Amaranth can be grown both for the leaves (which are like spinach) or the grains (which are gluten free and high in protein). The grains when toasted are particularly delicious - amaranth popcorn anyone? With their deep red flower plumes, these plants also make a stunning sight in the growing area.
They are commonly cultivated as a cereal in parts of Central and South America. In the UK they often appear as a weed, especially on the lighter soils in East Anglia.
How to grow
- Plants like a warm open site best, with good drainage and full sun. If you are growing for leaves only, sow outdoors in late May, June or July. They need a minimum of 13 – 18C to germinate.
- If you want to grow for grain production, or have limited amounts of seed, start off plants indoors in large modules sown during late April, slowly harden off and plant out around the second week in June.
- Harvesting is simple. Pick leaves or young shoots as soon as they are large enough to handle. Keep pinching back any flowerbuds to keep the plant producing more leaves.
To collect seeds, only use a few leaves from each plant for cooking and allow flower buds to form. Once seeds have formed (usually from early September onwards) shake the spikes on a warm dry day to see if the grains are ready to drop. Line an old tomato box with newspaper. Cut off the fruiting stalks and lie them in the box, leave them in a warm place to dry, turning the stalks occasionally. The seeds will fall out onto the newspaper and can be collected into a large jar when fully dried. Eat home collected grain within 6 months.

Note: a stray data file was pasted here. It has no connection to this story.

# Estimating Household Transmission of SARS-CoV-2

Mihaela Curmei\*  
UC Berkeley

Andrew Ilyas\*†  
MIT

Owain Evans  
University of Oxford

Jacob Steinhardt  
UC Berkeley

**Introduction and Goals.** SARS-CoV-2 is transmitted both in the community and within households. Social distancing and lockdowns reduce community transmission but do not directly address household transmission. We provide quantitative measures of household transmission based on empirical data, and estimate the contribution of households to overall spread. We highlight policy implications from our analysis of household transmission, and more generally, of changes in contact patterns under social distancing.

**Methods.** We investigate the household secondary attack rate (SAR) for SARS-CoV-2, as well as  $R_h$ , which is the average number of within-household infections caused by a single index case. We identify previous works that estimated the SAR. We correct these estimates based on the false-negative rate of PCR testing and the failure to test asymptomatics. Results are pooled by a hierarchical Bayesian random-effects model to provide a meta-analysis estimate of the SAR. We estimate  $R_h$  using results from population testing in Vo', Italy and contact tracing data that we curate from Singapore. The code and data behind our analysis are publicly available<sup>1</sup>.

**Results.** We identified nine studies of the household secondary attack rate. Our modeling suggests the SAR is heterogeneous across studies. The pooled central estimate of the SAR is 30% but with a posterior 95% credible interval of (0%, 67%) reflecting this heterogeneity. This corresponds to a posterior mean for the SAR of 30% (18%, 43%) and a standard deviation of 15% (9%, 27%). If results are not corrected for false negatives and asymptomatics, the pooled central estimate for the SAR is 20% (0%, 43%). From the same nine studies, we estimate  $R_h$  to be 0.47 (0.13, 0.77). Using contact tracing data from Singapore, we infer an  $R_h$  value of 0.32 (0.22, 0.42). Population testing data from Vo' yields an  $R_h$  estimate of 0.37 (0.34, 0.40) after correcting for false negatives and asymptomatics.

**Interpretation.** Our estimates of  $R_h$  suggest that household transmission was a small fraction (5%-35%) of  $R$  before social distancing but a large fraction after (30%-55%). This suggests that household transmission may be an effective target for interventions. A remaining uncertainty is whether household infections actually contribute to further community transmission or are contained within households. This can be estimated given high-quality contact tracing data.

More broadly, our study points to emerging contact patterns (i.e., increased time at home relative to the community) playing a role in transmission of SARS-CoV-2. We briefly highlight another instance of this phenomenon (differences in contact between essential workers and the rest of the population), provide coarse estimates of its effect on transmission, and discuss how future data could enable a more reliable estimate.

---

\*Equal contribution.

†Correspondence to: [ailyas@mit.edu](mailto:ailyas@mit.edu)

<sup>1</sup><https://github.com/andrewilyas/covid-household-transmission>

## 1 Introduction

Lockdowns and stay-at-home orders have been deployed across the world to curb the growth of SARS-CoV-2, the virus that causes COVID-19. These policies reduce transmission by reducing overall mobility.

How to eat
Amaranth’s leaves, eaten young (lightly boiled or steamed, with a knob of butter added) are similar to spinach. Red leaved cultivars turn deep mauve when cooked, but if the cooking liquid is saved to cook rice it will turn it a glorious claret-purple colour.
The shiny round seeds are high in protein and free of gluten, so are suitable for sufferers from coeliac disease. However, they have a high saponin content, which needs to be washed out before they can be eaten (bought amaranth is usually ready prepared.) This simple process involves rinsing seeds repeatedly (at least 5 times) in a bowl of water and straining through a fine sieve.
The seeds can be sprouted, made into popcorn, toasted, ground into flour or eaten as cereal. Boiling takes less than 20 minutes, and if the result turns out gloopy rather than slightly sticky then you’ve either overcooked it or used too much liquid!
For a full list of multicultural vegetables see here. They all come from our innovative Sowing New Seeds and Growing From Your Roots projects, when Garden Organic worked with allotment holders of Indian, South American, East Asian, Afro Caribbean and African extraction